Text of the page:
Being a parent is all about the kids, it’s all about new life and making sure that the new lives we have created have everything they need. It is a reality, despite the odd kid free night that parenting is very rarely about the parents. It simply isn’t a selfish exercise, in fact, it’s probably the most selfless thing we ever do. But, when it comes to us passing away we really do need to turn the conversation back towards ourselves but when do we do it and how much planning do we need to do?
Let’s Not Talk About It
That is probably the most common reply to any discussion about death. It’s all very British really, we don’t want to make a fuss but in reality, we are also very scared about discussing death. Talking about it is especially hard once you have kids too, it actually get’s harder because you have to deal with the fact you will no longer be around to look after them. But we must talk about it, ignoring death is not healthy and it will leave our kids less able to cope with it if and when it happens. Obviously, it will happen at some point but the key point is when, and if it is earlier than hoped for these discussions will become critical.
Before we discuss the thoughts about when to start talking about death it is worth looking at some basic planning tips for parents. Ignoring death in conversation is one thing but ignoring it when it comes to money and arraignments can have some serious knock on effects.
A funeral plan is a bit of a confusing thing. On one hand people assume it is setting out some kind of list of how you want the ceremony to go and if you want to be cremated or buried etc. But it is actually a lot more than that. A funeral plan is actually a financial plan that you pay into each month or as a lump sum that covers some or all the costs and arraignments of your funeral. It means anyone you leave behind can simply activate the policy and your wishes are then carried out and costs covered. For children losing a parent as young adults or older this can be very helpful indeed! It can also be very useful with grown up children because the ever-increasing cost of a funeral is covered. Finding a plan can be complex and there are some bad ones out there so have a look at this site for more info https://funeralplanningauthority.co.uk/
Wills and Inheritance
If you don’t have a will as a parent, then you should get one as soon as possible. It really is as simple as that. Not laying out legally what you want to happen to your home and possessions is important. But a will is also critical when it comes to child care and who would take them in the event both parents die. Will’s don’t have to cost much but beware of really cheap online wills as they may not be what they seem – https://www.thisismoney.co.uk/money/news/article-6157037/Beware-20-internet-wills-cost-family-thousands.html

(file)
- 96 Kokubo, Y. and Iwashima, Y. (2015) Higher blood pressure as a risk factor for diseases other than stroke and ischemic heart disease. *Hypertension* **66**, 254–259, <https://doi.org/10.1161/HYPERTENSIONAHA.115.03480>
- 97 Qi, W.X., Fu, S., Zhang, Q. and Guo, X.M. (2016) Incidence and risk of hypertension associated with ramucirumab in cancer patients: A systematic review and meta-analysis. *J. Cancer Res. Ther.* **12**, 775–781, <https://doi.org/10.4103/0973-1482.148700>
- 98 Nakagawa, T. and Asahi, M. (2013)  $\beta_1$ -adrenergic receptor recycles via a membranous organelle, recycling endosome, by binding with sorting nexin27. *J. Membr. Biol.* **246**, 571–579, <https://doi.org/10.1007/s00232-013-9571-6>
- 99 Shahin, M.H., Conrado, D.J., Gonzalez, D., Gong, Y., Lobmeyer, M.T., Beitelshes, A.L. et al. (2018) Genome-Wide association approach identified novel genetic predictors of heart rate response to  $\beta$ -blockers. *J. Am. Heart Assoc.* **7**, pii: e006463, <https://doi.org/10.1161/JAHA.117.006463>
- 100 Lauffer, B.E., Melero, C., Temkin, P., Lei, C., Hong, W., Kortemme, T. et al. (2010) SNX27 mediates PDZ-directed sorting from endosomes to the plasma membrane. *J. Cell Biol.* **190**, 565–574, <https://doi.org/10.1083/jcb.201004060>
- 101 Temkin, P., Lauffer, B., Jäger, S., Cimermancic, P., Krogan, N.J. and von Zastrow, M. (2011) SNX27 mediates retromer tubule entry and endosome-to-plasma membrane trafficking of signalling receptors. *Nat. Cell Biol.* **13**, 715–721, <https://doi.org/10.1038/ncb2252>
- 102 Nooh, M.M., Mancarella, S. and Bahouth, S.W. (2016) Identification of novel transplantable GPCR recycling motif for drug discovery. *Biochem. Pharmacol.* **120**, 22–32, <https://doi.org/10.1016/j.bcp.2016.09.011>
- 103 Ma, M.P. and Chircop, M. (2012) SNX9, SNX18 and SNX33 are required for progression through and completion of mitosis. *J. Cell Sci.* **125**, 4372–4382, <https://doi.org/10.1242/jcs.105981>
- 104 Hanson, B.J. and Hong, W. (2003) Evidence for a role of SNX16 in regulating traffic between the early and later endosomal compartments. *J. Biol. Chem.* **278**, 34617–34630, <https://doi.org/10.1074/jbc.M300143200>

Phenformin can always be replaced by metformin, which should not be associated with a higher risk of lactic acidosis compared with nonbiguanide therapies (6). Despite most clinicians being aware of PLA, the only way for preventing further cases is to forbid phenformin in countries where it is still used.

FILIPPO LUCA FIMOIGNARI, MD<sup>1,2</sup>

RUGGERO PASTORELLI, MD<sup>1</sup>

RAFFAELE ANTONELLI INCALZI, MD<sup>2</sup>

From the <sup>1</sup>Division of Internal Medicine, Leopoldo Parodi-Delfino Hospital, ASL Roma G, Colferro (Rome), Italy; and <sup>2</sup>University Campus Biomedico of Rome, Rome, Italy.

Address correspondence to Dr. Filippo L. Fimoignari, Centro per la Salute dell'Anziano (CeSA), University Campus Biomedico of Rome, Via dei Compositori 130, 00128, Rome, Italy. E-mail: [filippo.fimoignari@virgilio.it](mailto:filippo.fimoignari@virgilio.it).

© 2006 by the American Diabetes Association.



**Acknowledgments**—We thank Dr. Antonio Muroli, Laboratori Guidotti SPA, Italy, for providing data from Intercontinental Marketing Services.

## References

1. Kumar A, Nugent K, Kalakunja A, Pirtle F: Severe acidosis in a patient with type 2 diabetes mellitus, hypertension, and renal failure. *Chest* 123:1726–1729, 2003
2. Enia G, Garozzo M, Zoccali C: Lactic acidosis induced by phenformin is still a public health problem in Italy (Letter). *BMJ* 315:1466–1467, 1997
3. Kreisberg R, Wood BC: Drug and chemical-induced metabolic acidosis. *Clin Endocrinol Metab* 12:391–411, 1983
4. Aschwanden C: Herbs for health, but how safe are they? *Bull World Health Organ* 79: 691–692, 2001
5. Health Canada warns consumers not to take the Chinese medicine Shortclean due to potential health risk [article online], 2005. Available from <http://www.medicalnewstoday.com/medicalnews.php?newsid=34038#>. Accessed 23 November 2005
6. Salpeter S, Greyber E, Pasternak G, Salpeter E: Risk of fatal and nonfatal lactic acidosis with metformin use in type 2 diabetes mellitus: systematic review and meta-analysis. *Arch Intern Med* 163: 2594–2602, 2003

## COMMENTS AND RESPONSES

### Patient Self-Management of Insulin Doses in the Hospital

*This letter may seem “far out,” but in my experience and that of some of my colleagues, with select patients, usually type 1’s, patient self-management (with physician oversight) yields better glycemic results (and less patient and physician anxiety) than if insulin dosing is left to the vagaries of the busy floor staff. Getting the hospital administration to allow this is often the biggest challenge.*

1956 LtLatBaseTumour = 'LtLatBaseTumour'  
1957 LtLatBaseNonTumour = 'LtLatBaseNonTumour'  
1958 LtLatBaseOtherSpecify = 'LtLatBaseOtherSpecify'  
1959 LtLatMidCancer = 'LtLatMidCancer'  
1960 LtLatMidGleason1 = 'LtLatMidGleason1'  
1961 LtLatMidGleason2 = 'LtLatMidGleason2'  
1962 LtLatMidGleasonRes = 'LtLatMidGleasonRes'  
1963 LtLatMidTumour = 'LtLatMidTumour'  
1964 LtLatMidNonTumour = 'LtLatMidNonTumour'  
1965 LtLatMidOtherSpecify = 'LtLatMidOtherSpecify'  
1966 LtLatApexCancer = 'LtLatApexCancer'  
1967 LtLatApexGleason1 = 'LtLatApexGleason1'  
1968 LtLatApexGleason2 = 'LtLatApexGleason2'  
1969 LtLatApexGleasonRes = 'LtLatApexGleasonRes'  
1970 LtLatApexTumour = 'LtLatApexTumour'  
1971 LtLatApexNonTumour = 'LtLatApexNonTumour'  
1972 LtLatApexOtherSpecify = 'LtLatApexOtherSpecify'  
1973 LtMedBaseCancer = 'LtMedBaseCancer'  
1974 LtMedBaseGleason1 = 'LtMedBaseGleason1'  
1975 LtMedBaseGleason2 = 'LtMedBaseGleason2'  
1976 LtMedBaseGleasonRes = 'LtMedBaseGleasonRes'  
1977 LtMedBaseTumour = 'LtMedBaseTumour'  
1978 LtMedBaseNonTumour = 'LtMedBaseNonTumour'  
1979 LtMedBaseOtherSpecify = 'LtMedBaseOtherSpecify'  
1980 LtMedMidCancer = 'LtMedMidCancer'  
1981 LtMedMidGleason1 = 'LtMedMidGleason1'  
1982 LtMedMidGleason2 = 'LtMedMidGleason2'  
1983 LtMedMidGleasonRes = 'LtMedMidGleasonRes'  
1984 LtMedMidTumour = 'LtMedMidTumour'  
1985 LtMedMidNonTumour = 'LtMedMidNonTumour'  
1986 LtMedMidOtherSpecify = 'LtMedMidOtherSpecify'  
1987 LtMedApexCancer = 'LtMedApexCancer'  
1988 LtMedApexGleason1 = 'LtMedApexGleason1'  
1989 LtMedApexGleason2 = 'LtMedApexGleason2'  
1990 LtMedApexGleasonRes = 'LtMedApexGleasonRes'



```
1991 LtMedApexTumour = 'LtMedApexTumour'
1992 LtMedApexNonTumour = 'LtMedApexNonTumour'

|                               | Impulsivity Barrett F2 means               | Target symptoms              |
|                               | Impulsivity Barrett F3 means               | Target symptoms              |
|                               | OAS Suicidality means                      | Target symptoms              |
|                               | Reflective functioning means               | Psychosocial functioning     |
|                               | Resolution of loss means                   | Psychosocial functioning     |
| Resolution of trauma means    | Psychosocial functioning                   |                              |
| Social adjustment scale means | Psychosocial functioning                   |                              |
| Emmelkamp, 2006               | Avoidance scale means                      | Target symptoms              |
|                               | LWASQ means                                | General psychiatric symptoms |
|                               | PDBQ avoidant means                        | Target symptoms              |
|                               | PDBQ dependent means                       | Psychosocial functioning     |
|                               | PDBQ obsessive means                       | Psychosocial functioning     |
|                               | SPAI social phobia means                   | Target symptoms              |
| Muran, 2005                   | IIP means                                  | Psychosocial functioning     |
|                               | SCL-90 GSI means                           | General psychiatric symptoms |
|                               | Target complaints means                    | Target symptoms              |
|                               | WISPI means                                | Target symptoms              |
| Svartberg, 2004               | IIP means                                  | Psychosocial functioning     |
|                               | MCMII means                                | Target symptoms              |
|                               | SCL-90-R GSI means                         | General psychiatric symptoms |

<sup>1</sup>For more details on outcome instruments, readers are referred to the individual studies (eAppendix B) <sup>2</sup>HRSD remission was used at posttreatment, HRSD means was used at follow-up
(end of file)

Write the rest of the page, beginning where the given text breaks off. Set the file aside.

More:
Talking About Death
Ok so the organisational planning is covered but what about the emotional planning? This is the idea that talking about death with your kids will help them cope with it as and when they need too. This isn’t just about parents dying though, death happens, and how we deal with it can have a long-lasting effect on our lives.
What Age is OK to Talk About It?
This is a very hard thing to pin point and each child is different. One thing that can often help is having pets. The idea of losing a goldfish is a great way to bring the concept into the family without it being really scary. Watching nature programmes can also be useful but the death seen in that kind of situation is a little more about food and survival. However, the concept of death is still there. Of course, for religious families and certainly any of the Christian faith the concept of death is common place from a very early age, but it is often not set into a real world situation that children can transfer to their lives.
Ultimately using the world around us to begin conversations is important. But we need to be brave about discussing it, don’t ignore it, let children ask questions and answer in a positive manner. Humour is also really important, being light hearted about death is not offensive it is a great way to deal with a very heavy subject. Death can certainly be mentioned from the age of 5 upwards but the detail and the association with parents may need to be kept very thin. This article has some great suggestions and advice – https://www.theguardian.com/lifeandstyle/shortcuts/2017/oct/23/grandma-is-dead-five-tips-for-talking-to-children-about-death
It is depressing, it is scary, and it will happen to us all but it really is important not to ignore it. Plan for it, talk about it, laugh about it and you will be helping your children more than you may realise.